Wednesday, October 15, 2003
The curious One Letter Many Soldiers story is currently attempting to seem neatly squared away with the timely arrival of an Army battalion commander to claim responsibility for creating 500 identical form letters and overseeing the signing and dispersal of those letters to a wide geographic range of American hometown print media.
The story, first reported Saturday by Ledyard King of the Gannett News Service and hyped by bloggers until major media noticed Monday, advances today with King reporting the person responsible for this masterful press offensive as a fairly obscure link in the military food chain, Lt. Col. Dominic Caraccilo, the commander of the 2nd Battalion of the 503rd Airborne Infantry Regiment, a reserve paratroop unit reactivated in January 2002 in Vicenza, Italy.
In the photograph, from the battalion’s reactivation ceremony, Lieutenant Colonel Caraccilo (on the left) is shown handing off the battalion colors to a Command Sergeant Major.
The historic 2d Battalion (Airborne), 503d Infantry, known as The Rock from its involvement with the assault on Corregidor in 1945, has a rich history stretching from the first ever parachute assault in American military history on November 8, 1942, through the only combat parachute operation of the Vietnam conflict to their present duty in the northern Iraq city of Kirkuk restoring basic services.
This is a tough hardened unit that, I assume, finds itself fairly occupied with duties more humdrum than coordinating a mass mail campaign no matter Lt. Colonel Caraccilo’s desire to promote his unit’s work and 'share that pride with people back home.'
Lt. Col. Caraccilo is, I’m sure, a good soldier only executing orders.
The source of those orders, the coordination of the mass mailing and the mailing’s timing with the Bush administration’s latest Bad Filter/Good News Iraq push needs to be explored.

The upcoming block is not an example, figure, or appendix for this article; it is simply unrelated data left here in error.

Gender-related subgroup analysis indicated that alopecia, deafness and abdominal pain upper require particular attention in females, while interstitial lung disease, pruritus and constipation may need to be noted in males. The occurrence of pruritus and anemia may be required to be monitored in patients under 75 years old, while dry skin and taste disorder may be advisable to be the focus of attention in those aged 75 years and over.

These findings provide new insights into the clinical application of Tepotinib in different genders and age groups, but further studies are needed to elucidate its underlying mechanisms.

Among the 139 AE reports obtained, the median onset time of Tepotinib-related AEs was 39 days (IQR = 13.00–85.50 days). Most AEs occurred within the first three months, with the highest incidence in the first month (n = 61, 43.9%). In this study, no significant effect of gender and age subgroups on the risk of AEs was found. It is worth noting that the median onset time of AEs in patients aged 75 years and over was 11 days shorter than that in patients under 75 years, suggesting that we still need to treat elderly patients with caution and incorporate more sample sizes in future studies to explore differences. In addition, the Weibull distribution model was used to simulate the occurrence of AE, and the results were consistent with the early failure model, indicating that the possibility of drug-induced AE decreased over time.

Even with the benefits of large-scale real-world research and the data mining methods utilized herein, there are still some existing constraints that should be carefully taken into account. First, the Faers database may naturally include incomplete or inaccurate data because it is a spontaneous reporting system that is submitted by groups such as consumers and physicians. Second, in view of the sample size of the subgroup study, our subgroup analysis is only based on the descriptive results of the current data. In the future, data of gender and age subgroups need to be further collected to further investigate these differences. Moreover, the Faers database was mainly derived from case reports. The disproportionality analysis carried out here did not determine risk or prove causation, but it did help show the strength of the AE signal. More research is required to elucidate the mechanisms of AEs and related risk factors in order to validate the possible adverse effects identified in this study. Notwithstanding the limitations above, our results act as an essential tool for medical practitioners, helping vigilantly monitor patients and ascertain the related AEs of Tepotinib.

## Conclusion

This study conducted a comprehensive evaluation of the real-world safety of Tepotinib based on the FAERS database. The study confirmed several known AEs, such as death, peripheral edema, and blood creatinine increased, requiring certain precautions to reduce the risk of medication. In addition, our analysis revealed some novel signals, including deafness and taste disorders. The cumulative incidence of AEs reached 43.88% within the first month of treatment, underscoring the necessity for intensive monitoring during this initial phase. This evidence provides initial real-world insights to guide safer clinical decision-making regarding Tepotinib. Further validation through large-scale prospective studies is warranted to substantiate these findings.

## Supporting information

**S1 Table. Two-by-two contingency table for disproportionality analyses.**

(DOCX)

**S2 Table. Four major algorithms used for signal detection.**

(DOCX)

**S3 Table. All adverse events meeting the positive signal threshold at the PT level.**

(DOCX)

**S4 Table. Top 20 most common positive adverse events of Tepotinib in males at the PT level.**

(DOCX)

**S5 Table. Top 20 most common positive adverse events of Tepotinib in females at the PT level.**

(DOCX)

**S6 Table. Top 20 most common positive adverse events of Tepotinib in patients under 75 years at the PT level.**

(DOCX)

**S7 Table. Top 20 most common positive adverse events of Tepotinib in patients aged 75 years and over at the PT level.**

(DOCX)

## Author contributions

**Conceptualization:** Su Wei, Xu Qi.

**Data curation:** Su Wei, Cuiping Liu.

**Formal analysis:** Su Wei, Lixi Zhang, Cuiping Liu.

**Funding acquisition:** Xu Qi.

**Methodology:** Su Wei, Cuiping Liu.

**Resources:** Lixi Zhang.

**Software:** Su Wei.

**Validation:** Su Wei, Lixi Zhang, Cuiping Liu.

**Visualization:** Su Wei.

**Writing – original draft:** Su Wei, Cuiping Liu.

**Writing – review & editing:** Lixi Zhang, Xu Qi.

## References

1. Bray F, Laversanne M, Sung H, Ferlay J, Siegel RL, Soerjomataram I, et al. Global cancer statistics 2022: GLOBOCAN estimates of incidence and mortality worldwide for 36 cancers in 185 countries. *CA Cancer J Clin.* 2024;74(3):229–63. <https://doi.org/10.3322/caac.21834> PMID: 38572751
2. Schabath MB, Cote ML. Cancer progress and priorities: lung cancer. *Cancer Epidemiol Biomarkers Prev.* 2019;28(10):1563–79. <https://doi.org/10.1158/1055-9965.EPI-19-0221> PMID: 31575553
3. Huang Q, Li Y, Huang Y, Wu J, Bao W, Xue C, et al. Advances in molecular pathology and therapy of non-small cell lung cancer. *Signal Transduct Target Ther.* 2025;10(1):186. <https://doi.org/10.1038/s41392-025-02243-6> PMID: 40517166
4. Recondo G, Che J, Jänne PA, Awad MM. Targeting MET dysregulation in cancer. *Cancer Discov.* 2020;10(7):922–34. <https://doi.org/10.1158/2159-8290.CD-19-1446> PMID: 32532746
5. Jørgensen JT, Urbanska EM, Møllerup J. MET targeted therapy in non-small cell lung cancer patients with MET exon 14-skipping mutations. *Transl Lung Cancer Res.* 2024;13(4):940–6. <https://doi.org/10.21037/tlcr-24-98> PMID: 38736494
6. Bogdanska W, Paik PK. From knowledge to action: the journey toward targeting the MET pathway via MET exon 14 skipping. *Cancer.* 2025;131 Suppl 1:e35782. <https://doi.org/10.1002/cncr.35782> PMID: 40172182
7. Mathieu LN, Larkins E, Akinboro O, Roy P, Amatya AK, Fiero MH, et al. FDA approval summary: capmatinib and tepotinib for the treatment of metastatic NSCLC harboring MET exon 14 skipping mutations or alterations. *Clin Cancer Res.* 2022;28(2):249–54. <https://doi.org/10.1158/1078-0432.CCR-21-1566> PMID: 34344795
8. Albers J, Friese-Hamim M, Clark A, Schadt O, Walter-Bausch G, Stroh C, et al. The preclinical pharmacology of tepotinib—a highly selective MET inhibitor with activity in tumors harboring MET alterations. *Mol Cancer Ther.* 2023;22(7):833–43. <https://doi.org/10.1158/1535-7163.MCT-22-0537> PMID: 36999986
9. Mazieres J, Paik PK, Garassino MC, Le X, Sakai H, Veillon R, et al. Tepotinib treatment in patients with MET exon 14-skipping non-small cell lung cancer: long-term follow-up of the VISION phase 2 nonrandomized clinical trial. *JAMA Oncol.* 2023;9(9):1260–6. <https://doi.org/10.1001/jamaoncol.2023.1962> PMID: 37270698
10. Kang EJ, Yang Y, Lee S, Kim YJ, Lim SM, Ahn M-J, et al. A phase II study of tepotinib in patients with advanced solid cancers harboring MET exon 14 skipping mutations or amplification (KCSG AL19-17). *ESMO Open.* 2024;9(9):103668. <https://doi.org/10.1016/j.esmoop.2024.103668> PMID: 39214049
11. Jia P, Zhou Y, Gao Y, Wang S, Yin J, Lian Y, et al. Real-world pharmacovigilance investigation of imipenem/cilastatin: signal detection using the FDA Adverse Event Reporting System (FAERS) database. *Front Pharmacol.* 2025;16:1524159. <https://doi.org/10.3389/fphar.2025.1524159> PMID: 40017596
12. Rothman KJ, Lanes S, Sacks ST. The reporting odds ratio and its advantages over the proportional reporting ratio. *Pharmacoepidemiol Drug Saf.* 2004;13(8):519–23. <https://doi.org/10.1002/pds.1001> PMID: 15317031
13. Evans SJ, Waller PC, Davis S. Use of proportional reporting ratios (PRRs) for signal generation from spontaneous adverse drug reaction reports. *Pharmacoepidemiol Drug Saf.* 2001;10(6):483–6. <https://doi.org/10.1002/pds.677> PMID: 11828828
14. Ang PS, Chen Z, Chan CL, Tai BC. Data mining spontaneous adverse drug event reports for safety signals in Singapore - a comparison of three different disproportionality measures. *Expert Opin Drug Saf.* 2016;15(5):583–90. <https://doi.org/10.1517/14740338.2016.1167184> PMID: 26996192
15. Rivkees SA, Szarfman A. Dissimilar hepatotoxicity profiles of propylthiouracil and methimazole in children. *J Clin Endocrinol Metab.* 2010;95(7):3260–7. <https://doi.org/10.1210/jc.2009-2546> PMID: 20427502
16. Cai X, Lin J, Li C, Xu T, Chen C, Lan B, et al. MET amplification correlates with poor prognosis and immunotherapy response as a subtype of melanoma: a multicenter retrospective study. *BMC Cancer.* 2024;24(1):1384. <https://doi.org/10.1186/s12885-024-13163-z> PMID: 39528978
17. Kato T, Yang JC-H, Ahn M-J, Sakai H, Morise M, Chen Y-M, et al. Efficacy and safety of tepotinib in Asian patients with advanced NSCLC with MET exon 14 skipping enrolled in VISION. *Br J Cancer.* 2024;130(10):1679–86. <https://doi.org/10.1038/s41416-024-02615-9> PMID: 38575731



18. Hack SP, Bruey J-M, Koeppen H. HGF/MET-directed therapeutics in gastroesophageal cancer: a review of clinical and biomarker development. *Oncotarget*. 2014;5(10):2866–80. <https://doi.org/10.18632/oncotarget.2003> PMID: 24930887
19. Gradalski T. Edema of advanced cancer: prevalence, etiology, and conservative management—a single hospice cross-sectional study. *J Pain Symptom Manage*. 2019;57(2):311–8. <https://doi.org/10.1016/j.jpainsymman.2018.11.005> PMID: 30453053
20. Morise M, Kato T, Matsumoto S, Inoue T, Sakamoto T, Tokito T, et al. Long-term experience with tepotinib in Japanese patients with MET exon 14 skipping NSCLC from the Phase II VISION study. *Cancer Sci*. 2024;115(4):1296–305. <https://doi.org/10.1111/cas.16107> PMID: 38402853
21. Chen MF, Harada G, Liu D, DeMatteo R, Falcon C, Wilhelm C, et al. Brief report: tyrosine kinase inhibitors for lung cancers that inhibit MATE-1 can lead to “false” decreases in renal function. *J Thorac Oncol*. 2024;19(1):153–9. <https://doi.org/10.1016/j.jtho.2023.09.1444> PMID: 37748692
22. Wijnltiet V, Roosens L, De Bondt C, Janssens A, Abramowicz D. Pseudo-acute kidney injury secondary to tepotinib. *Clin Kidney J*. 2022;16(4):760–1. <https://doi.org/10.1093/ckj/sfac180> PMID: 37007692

Various statements by the military regarding the signing of those individual form letters do not add up and Caraccilo seems curiously well suited to pen a heart-warming letter.
Monday in The Olympian, Ledyard King quoted Lt. Col. Bill MacDonald, who is with the 4th Infantry Division currently heading operations in north-central Iraq, as saying:
“Some soldiers wrote some letters independently. I guess that's what happened. Nobody I have spoken to in the chain of command knows where these letters came from”… Six soldiers reached by GNS directly or through their families said they agreed with the letter's thrust. But none of the soldiers said he wrote it, and one said he didn't even sign it.
Tuesday, in a report credited to the Los Angeles Times and published on the website of the Mercury News, Air Force Col. Jay DeFrank, the Pentagon's director of media operations, said:
All we know here is that some unit's commander decided that what he wanted to do was write a letter to some of the Gannett newspapers . . . and a number of people in his unit decided that was a good idea and they wanted to do it, too.
According to an Associated Press report filed today at 7:08 am, EDT:
It turns out they were form letters written by the command staff of an Army battalion in Kirkuk, then signed by the soldiers.
This morning, Ledyard King reports in this morning’s Chicago Sun-Times a fresh quote from Lt. Col. MacDonald:
It sounded like a good idea at their level [but] it's just not the way to do business. They're not going to do that again…No one was forced to sign it, though most did.
Lt Col. Caraccilo’s hometown newspaper, The Finger Lakes Times, reported yesterday:
Caraccilo, who graduated from West Point in 1984, has been in the military nearly 20 years. He married his high school sweetheart, Karen Gleason, formerly of Waterloo, and they have three children.
Prior to his current deployment, Dominic Caraccilo served with the 82nd Airborne in Desert Storm and was awarded the Bronze Star. He was a member of the Army Rangers (special operations) when he served in Afghanistan in the fall of 2001. He has also published three military books in the past several years, including a diary of his time in Desert Storm.
Clearly this curious story didn't just happen at this particular time though the New York Times has already rushed to judgement:
The Pentagon denies that there is any sanctioned propaganda drive...The Pentagon should nip the form-letter barrage and make sure it is not repeated, if only because it is so counterproductive. Fakery is the worst possible way to answer the public's rising demand for information about the true state of affairs in Iraq.
If young soldiers can be swayed, if not ordered, to sign letters then what is to stop some equally over eager officer to perhaps sway his troops execution of, say, an absentee ballot?
Photo: Spc. Michael Walkmeyer, USAREUR Public Affairs